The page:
The categories of crime we zoom in on matter greatly too. Observers and journalists often cite either murder or overall serious crime rates as proxies for how dangerous a place is. Both have shortcomings. Though murders are the most severe and jarring type of violence, they are also relative anomalies. As for overall index crime trends, they can be dominated by a high volume of incidents that don’t matter that much to the way most people experience a place, like auto thefts. Instead, I often look to robberies and felony assaults, as well as misdemeanor assaults, because those are relatively large in number (add them up and you get more than 80,000 per year) and they affect people powerfully. 

All this helps explain why, in the recent Citizens Budget Commission survey, perceptions of crime throughout the five boroughs are much worse than they were in 2017, before the COVID pandemic pulled the rug out from so many people, places and institutions. In 2017, 7 in 10 New Yorkers said they felt safe walking alone in their neighborhood at night; by 2023, the number had shrunk to just 5 in 10. New Yorkers’ views are even grimmer outside of their own neighborhoods. The number of people who consider it unsafe to ride the subway at night jumped from 21% in 2017 to 54% in 2023. That’s likely because a handful of subway murders — more than 30 in the system since the start of 2020, which is more than the total in the 15 years that came before — and jarring assaults, along with too many people behaving erratically, are getting under the city’s skin in ways that outstrip their numbers. Underground, it’s generally very safe; the routine ride is highly highly highly unlikely to result in victimization or trauma, and many subway trips, to the contrary, reaffirm one’s faith in urban life.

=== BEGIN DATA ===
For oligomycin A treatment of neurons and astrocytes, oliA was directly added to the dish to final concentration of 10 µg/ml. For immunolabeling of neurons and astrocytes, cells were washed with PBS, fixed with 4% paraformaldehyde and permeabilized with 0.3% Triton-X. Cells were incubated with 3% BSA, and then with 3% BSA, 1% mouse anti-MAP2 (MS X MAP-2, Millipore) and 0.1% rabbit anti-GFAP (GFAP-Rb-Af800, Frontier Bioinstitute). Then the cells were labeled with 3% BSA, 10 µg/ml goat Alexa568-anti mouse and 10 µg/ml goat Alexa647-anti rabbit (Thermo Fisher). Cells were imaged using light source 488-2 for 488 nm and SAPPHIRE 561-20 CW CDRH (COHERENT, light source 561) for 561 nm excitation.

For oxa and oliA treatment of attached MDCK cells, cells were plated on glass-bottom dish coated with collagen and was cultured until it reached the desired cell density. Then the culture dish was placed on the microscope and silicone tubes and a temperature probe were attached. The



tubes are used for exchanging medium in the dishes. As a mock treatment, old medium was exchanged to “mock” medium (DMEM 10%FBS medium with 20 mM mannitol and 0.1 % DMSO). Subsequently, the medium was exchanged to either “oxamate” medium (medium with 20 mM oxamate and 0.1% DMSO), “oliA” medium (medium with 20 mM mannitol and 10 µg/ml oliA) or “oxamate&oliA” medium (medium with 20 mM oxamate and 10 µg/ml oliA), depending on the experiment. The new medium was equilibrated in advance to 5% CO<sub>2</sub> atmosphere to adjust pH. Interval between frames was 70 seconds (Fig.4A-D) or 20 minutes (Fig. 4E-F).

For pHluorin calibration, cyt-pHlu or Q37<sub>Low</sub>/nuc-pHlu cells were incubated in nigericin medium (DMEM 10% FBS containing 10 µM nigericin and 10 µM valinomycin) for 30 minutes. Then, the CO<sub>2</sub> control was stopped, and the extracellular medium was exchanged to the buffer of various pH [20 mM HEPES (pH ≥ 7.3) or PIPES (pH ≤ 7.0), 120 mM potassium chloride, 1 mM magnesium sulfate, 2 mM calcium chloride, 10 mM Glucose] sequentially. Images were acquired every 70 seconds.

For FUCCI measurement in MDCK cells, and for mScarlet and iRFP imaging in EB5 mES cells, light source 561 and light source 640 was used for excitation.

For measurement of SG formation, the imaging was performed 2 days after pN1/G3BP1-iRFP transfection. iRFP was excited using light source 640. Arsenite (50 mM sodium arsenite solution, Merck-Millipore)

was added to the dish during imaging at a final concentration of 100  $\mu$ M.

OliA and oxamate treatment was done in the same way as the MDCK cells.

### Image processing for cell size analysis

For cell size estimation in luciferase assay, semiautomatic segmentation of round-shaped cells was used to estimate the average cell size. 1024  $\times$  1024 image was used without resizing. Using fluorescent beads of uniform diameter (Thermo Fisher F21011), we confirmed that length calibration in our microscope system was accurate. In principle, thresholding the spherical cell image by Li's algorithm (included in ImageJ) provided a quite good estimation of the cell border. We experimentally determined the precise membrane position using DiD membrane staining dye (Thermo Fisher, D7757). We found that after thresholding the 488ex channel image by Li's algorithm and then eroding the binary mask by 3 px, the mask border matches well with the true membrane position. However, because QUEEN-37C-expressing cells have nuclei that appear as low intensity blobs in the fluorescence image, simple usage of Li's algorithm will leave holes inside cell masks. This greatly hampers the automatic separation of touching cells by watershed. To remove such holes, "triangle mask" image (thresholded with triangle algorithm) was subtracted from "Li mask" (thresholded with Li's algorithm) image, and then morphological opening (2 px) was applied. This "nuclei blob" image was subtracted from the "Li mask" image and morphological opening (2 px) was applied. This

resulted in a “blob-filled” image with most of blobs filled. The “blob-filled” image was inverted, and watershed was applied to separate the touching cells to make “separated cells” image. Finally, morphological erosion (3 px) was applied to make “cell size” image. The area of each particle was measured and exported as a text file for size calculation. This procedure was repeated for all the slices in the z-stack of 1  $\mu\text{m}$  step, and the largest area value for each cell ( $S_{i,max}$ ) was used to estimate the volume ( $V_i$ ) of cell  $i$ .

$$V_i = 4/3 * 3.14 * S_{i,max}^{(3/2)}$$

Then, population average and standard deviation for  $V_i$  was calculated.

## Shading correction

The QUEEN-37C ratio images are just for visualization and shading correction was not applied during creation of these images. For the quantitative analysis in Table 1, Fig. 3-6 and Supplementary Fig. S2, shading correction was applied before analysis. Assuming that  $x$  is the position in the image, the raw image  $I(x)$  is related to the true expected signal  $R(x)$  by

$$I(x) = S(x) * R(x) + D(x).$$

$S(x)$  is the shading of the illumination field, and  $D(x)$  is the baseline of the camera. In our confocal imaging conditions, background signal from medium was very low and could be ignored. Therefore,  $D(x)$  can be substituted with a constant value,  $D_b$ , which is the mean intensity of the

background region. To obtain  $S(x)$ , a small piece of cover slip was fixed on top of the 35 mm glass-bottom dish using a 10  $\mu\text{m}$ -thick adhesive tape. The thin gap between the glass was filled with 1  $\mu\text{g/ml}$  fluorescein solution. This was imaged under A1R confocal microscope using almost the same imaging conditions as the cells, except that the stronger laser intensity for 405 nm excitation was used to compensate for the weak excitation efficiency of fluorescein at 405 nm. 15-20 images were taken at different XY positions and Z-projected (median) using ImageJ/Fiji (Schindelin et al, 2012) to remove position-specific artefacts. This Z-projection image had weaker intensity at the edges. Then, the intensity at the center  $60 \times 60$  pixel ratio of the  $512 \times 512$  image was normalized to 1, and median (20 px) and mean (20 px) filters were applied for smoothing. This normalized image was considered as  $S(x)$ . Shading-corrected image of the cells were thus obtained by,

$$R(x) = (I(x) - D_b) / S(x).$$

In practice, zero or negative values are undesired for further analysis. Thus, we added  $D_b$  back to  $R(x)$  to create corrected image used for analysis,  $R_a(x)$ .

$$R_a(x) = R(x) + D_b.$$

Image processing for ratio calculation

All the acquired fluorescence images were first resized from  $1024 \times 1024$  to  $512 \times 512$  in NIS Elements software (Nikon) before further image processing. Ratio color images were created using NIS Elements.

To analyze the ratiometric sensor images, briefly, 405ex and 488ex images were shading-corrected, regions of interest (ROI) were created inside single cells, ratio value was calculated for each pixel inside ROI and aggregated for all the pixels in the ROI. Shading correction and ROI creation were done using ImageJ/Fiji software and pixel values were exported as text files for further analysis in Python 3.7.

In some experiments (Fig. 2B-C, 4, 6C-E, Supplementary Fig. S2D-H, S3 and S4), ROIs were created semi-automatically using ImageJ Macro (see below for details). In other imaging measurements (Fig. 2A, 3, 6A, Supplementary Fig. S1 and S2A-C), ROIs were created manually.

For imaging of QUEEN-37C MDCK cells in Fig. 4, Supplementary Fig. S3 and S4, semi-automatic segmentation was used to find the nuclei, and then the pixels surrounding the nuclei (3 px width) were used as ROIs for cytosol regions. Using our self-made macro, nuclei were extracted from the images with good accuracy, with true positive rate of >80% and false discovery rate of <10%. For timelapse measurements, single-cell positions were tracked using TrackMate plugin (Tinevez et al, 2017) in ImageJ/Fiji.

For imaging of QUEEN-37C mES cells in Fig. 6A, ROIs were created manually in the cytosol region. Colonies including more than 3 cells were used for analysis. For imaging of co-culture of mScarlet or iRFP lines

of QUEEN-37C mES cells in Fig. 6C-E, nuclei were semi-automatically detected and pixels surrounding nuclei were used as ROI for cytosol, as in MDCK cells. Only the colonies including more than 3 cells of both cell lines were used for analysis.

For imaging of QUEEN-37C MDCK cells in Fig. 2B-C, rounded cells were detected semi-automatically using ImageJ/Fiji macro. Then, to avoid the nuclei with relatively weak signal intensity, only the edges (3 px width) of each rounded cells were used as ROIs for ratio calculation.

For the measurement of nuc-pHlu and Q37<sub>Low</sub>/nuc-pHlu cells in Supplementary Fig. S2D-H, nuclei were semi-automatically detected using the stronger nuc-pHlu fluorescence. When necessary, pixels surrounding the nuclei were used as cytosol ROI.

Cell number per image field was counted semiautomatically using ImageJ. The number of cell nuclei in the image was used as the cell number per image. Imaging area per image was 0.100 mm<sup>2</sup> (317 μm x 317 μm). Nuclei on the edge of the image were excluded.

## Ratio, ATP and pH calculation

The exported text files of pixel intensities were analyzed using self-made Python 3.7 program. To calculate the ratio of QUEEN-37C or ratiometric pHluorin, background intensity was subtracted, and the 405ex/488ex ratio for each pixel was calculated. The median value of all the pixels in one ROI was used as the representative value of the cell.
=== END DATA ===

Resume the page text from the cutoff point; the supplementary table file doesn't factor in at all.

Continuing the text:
According to the Citizens Budget Commission, perceptions of crime throughout the five boroughs are much, much worse than they were in 2017.

Some on the left blame disproportionate media magnification of a relative handful of terrible crimes for the disconnect. I can’t defend the fact that what bleeds almost always leads — it’s a lazy and unhealthy journalistic habit — but that long predated the public mood shift. Something else has been going on.

I suspect it’s that there are more people with stories of feeling rattled or unsettled, or seeing reports about terrible things happen in places they considered safe. In my nearly 30 years living here, I’ve seen both my brother and one of my best friends jumped and assaulted, in each case many years ago. Knock wood, I myself have never fed the crime statistics. But a few times, and only relatively recently, I’ve been bothered: hit on the shoulder by someone having a psychotic episode on the bus, slapped in the head by a group of teenagers looking for trouble in a subway station. 

I was physically unscathed; neither time would’ve likely even registered as a misdemeanor if the cops had gotten involved. Yet I was still shaken for days. I walked through the city differently. Knowing someone intentionally did something to hurt you or someone you love shakes trust. Even when it’s quantitatively rare, it is qualitatively different from other bad experiences.

We’re often told to hold two ideas in our heads at once. With crime in New York, two ideas are far too few. It is wrong to suggest gruesome crimes define this generally safe place. Still, violent crime, even at relatively low levels, remains up over recent history, and so is more inchoate disorder, and all that worms its way into the brains of real people, especially in the neighborhoods where it clusters. Politicians and the media didn’t singlehandedly pump this fear into the air.